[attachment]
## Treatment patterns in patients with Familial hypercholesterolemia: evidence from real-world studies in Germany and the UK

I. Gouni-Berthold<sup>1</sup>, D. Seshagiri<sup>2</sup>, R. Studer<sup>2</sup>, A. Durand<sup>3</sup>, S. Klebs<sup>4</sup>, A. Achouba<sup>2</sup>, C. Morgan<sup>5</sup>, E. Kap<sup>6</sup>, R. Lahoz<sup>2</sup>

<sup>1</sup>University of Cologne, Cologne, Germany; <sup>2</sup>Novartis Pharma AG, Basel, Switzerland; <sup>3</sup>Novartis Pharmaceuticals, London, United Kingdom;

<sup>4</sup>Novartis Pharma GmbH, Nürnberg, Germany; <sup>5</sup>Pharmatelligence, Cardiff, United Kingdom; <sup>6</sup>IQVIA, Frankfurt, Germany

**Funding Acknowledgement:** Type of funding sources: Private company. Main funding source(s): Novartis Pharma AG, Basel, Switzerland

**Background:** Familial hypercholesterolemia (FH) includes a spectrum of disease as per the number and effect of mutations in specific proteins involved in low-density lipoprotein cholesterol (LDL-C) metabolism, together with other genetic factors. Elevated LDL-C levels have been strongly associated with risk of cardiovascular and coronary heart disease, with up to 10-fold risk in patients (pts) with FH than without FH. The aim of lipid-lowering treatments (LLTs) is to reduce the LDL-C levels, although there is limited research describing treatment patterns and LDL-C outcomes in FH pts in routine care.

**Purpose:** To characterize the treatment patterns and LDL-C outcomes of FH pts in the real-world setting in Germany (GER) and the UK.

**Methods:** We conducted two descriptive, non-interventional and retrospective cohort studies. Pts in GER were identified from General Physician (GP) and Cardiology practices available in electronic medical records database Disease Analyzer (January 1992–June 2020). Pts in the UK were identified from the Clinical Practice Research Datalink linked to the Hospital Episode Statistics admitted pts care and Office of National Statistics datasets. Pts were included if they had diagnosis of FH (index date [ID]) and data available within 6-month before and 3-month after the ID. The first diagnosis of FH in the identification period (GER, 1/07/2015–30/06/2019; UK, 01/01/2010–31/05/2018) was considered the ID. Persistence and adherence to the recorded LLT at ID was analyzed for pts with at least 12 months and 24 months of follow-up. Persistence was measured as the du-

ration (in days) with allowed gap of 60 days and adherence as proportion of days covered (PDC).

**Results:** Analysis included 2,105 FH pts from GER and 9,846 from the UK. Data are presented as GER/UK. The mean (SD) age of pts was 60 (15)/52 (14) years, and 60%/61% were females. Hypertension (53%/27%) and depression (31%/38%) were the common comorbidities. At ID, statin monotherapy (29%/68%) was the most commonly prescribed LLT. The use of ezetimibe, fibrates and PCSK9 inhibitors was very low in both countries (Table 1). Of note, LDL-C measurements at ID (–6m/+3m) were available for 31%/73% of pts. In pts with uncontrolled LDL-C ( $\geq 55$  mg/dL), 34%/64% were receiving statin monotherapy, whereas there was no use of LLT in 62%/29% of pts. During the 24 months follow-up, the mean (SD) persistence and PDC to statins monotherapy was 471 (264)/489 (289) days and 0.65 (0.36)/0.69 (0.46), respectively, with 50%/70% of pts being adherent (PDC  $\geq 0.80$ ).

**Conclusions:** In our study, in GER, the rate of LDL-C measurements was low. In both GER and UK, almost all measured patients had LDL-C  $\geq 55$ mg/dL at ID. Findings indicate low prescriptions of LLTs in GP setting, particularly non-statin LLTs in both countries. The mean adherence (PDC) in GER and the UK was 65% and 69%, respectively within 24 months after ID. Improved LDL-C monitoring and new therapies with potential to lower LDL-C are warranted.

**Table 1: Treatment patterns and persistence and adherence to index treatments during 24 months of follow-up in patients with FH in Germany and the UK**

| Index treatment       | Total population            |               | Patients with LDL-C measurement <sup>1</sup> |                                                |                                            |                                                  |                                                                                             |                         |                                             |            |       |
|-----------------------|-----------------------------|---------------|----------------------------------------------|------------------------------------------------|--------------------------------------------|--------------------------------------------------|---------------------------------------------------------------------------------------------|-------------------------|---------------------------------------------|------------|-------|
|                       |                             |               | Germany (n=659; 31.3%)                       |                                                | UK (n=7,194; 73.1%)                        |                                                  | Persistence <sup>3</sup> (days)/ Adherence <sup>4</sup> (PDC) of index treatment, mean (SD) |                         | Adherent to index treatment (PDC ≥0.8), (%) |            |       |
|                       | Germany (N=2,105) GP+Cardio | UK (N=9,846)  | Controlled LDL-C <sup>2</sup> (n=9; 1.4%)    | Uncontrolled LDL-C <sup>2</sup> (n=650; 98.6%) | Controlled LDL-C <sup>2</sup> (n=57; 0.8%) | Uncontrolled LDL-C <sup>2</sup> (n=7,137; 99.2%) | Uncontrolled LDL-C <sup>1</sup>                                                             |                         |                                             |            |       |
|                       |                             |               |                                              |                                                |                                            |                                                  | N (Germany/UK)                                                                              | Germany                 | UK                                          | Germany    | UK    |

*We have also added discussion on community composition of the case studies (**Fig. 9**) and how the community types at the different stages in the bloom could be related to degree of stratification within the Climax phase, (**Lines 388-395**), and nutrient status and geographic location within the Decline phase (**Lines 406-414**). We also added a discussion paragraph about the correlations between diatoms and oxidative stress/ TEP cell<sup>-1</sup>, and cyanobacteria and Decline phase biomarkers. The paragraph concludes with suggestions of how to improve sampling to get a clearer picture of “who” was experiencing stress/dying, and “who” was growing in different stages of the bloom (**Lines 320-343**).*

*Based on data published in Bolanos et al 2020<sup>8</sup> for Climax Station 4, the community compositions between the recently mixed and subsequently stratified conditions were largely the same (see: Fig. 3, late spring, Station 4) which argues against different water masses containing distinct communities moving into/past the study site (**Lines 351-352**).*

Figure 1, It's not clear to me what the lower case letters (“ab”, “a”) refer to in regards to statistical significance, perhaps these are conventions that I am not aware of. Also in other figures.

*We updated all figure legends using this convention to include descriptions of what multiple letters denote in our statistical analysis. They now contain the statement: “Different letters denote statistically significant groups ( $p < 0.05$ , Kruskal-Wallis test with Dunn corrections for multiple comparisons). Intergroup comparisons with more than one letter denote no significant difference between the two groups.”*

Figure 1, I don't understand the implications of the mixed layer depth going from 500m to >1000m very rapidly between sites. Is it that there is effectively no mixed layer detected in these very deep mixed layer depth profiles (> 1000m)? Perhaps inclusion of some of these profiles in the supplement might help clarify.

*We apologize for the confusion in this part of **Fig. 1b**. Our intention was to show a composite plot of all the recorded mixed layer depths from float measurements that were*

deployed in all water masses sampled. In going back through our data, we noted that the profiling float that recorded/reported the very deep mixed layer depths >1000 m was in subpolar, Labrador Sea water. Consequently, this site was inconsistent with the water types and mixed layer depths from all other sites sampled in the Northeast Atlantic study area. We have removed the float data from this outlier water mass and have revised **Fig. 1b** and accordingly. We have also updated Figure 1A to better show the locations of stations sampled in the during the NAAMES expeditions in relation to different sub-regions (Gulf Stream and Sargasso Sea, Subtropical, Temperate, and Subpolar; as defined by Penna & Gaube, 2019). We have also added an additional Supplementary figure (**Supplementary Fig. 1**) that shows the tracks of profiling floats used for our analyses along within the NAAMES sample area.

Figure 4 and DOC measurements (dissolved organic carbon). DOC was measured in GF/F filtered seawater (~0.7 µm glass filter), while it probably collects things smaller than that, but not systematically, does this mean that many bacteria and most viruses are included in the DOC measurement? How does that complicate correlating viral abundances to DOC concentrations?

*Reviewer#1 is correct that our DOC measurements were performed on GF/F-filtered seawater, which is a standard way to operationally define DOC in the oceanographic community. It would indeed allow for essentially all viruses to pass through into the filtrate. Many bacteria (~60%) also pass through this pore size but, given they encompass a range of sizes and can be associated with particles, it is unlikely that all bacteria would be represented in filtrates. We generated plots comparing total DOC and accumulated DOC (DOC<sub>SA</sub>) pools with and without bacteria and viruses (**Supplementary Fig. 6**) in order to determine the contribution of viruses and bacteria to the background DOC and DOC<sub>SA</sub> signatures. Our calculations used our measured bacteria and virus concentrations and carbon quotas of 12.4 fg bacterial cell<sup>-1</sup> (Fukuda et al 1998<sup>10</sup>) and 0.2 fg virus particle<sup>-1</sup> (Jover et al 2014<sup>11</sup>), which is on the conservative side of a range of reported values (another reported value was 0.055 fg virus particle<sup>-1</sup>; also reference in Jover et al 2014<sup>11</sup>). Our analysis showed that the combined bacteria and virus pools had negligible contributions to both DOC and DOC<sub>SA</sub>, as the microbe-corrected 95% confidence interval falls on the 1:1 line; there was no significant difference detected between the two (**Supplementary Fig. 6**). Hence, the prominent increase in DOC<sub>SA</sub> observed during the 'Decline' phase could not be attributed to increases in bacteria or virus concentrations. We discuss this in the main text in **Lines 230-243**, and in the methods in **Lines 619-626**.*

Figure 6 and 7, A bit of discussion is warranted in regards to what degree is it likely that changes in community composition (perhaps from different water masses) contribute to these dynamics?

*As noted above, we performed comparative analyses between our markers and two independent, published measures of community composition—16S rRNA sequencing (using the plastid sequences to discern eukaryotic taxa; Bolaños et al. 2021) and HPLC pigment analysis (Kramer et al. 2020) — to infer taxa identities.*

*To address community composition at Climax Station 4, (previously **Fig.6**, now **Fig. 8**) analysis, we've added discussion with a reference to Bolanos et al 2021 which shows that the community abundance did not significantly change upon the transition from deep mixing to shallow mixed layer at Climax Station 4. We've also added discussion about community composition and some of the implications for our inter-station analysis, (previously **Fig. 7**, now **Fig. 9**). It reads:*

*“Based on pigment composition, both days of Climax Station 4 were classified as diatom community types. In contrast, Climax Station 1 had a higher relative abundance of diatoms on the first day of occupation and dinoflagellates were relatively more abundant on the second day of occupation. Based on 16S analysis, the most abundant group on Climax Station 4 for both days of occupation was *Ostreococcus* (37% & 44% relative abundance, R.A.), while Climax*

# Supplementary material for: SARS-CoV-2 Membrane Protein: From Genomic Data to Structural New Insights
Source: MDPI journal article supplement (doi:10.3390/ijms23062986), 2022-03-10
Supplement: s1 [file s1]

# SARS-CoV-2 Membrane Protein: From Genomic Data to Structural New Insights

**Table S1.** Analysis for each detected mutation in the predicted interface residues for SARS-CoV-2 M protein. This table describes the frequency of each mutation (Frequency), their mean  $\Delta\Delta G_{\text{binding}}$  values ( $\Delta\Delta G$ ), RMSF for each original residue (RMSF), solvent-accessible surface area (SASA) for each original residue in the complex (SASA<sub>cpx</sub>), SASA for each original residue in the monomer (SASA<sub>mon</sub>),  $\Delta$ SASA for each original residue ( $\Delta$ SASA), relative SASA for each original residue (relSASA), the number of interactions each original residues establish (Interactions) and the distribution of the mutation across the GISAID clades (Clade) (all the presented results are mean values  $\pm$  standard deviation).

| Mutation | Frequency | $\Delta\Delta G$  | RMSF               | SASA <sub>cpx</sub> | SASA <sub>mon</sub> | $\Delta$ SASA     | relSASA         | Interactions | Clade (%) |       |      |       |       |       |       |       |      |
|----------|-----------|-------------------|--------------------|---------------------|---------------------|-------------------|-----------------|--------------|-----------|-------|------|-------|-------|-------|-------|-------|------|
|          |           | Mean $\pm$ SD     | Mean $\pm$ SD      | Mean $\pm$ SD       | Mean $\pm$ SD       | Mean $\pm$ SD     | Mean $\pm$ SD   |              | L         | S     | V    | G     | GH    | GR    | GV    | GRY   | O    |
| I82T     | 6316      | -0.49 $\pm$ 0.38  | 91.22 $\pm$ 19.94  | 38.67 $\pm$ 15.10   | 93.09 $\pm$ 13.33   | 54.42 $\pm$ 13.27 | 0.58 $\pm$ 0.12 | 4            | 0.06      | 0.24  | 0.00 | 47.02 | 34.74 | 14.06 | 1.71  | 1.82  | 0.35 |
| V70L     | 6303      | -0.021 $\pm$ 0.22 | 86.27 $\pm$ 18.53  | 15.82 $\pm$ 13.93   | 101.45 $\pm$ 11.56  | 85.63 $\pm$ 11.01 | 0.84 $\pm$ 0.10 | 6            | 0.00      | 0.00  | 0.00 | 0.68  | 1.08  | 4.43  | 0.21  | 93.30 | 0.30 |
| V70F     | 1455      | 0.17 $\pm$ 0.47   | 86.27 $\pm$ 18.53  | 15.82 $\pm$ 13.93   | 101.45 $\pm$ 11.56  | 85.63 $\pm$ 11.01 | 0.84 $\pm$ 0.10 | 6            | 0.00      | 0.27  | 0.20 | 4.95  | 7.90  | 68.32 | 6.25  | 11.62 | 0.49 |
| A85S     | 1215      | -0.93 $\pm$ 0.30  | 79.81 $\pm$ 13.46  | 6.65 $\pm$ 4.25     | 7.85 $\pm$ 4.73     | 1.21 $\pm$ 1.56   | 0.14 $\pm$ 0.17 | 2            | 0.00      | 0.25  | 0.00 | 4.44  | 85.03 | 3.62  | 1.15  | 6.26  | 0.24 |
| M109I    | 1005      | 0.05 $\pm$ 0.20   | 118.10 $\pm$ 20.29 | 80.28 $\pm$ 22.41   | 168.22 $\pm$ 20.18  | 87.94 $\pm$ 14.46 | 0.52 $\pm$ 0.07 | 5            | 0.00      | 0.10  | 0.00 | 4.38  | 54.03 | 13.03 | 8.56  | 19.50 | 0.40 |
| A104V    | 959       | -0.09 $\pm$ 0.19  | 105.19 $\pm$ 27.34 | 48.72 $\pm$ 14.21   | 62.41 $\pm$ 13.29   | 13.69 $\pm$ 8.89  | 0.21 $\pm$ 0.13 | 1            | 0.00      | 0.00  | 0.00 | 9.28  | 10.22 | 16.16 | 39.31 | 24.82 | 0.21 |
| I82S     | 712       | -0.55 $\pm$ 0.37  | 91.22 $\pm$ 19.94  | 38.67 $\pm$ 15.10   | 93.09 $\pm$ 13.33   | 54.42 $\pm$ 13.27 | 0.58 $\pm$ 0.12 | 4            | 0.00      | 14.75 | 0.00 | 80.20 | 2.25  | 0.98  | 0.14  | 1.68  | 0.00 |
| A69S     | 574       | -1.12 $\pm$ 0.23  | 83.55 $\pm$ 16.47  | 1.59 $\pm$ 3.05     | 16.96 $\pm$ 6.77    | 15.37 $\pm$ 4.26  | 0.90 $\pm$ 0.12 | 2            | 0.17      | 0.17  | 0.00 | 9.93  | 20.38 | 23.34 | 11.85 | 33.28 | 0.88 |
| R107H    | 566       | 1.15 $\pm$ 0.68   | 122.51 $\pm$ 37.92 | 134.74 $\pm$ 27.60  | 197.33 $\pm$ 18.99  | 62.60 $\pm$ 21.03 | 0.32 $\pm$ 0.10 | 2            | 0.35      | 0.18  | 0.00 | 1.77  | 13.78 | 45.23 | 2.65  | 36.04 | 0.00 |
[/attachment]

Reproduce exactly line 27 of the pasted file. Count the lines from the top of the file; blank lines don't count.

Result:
Figure 6 and 7, A bit of discussion is warranted in regards to what degree is it likely that changes in community composition (perhaps from different water masses) contribute to these dynamics?